Still with us

  • January 16, 2007

Each year the Pope delivers a wide-ranging speech to the 175 or so ambassadors assigned by their countries to the Holy See. It is an occasion for the leader of the world's largest church to turn a spotlight on some of those global issues that are too easily forgotten in the fickleness and superficiality of the daily news grind.

On Jan. 8, Pope Benedict XVI offered his own survey of humanity's most serious problems. In doing so, he urged the gathered representatives of the global community to not forget the voiceless and the powerless. Chief among these issues is poverty, with the hunger, thirst and sickness that accompany it.

"The worsening scandal of hunger is unacceptable in a world which has the resources, the knowledge, and the means available to bring it to an end," he observed. "It impels us to change our way of life, it reminds us of the urgent need to eliminate the structural causes of global economic dysfunction and to correct models of growth that seem incapable of guaranteeing respect for the environment and for integral human development, both now and in the future."

Benedict noted that there are no simplistic answers to global poverty. There is no shortage of blame to go around; a trade regime that rewards the powerful, rampant corruption in many undeveloped nations, stinginess in the foreign aid budgets of rich countries, and ongoing military conflicts all take their toll. But among his various admonitions, he once again urged the world's developed countries to strive harder to achieve the United Nations goal of targetting 0.7 per cent of their gross domestic production to overseas development aid.

This has been a longstanding goal honoured more in the breach than in practice. Only the northern European countries of Norway, Denmark, Sweden, Luxembourg and the Netherlands consistently achieve this level of generosity. By contrast, Canada has dropped over the last decade to a paltry 0.27 per cent (in 2004, the last year statistics were available). Though foreign aid has begun a welcome upswing in the last two years, the world still has a long way to go.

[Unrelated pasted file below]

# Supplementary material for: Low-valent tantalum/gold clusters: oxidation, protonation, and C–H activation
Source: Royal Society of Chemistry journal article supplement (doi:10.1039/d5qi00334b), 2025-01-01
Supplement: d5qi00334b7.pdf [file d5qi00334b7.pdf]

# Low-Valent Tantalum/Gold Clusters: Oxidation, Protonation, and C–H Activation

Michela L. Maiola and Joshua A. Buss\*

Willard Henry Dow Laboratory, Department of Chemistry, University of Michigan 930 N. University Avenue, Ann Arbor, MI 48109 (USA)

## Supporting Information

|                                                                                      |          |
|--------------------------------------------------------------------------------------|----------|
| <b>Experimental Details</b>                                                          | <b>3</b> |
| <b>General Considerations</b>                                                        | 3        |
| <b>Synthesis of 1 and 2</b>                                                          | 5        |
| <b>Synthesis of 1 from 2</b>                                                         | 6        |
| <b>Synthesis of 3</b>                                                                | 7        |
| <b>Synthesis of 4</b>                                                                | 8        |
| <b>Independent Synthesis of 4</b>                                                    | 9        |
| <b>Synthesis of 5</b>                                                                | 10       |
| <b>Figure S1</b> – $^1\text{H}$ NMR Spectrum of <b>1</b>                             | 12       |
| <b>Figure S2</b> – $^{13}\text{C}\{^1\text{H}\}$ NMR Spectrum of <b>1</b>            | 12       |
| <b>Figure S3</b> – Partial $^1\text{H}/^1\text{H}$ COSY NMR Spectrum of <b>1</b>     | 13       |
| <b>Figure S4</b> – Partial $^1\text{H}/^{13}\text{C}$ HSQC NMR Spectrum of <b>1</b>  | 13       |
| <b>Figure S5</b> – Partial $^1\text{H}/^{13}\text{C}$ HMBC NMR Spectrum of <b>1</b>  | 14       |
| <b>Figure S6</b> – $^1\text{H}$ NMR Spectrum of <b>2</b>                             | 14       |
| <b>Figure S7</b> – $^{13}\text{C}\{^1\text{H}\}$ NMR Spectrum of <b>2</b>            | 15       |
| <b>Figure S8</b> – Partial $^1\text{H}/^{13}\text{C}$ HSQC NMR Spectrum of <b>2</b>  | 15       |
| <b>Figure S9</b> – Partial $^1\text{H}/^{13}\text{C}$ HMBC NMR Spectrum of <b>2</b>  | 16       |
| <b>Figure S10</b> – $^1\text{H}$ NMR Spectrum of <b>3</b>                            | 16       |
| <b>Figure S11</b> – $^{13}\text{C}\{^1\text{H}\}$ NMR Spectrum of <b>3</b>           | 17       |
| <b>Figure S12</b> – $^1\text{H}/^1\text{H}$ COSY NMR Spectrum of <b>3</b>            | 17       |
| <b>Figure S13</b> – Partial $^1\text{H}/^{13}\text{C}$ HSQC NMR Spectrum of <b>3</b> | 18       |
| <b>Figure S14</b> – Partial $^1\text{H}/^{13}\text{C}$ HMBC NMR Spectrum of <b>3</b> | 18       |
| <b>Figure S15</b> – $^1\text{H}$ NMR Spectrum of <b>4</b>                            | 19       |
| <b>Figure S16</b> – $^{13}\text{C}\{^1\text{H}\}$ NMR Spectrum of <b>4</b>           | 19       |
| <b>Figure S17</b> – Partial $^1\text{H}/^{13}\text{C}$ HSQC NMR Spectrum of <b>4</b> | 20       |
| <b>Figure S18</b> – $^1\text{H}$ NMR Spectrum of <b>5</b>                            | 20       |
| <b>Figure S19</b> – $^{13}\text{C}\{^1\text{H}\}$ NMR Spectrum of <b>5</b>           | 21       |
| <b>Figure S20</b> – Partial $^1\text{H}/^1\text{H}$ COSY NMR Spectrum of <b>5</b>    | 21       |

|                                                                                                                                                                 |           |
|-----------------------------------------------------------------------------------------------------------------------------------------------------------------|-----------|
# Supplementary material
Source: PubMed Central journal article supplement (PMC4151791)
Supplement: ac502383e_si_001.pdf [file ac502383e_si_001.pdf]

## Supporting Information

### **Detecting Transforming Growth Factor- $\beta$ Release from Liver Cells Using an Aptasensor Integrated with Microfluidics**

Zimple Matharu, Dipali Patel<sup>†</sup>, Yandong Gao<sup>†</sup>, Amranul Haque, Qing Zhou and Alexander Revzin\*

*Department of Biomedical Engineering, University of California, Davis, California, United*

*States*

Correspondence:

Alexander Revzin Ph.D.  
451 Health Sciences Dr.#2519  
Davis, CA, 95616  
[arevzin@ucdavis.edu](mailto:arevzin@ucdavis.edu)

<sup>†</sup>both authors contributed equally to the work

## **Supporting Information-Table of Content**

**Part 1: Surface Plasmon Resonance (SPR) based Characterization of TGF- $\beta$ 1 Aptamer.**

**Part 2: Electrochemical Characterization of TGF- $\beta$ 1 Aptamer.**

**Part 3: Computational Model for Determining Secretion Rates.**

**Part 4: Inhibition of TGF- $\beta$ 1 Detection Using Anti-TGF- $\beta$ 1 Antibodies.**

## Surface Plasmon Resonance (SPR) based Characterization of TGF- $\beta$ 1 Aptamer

In this speech, the Pope is speaking not to the faithful but to the world of nations, most of which are secular. Though his motivation can be found in the Gospels, notably Matthew 25 ("Whatsoever you do to the least of these . . ."), he used a vocabulary that sought common ground among people of many religions, or of no faith at all. It was a language of invitation to which we pray the world will respond.

"In her commitment to serve humanity and to build peace, the church stands alongside all people of good will and she offers impartial co-operation," he said. "Together, each in his place and with his respective gifts, let us work to build an integral humanism which alone can guarantee a world of peace, justice and solidarity."

Comments (0)

There are no comments posted here yet

Leave your comments

  1. Posting comment as a guest. Sign up or login to your account.
Attachments (0 / 3)
Share Your Location

Please support The Catholic Register

Unlike many media companies, The Catholic Register has never charged readers for access to the news and information on our website. We want to keep our award-winning journalism as widely available as possible, which has become acutely important amid the ongoing COVID-19 crisis. But we need your help.

For more than 125 years, The Register has been a trusted source of faith-based journalism. By making even a small donation you help ensure our future as an important voice in the Catholic Church. If you support the mission of Catholic journalism, please donate today. Thank you.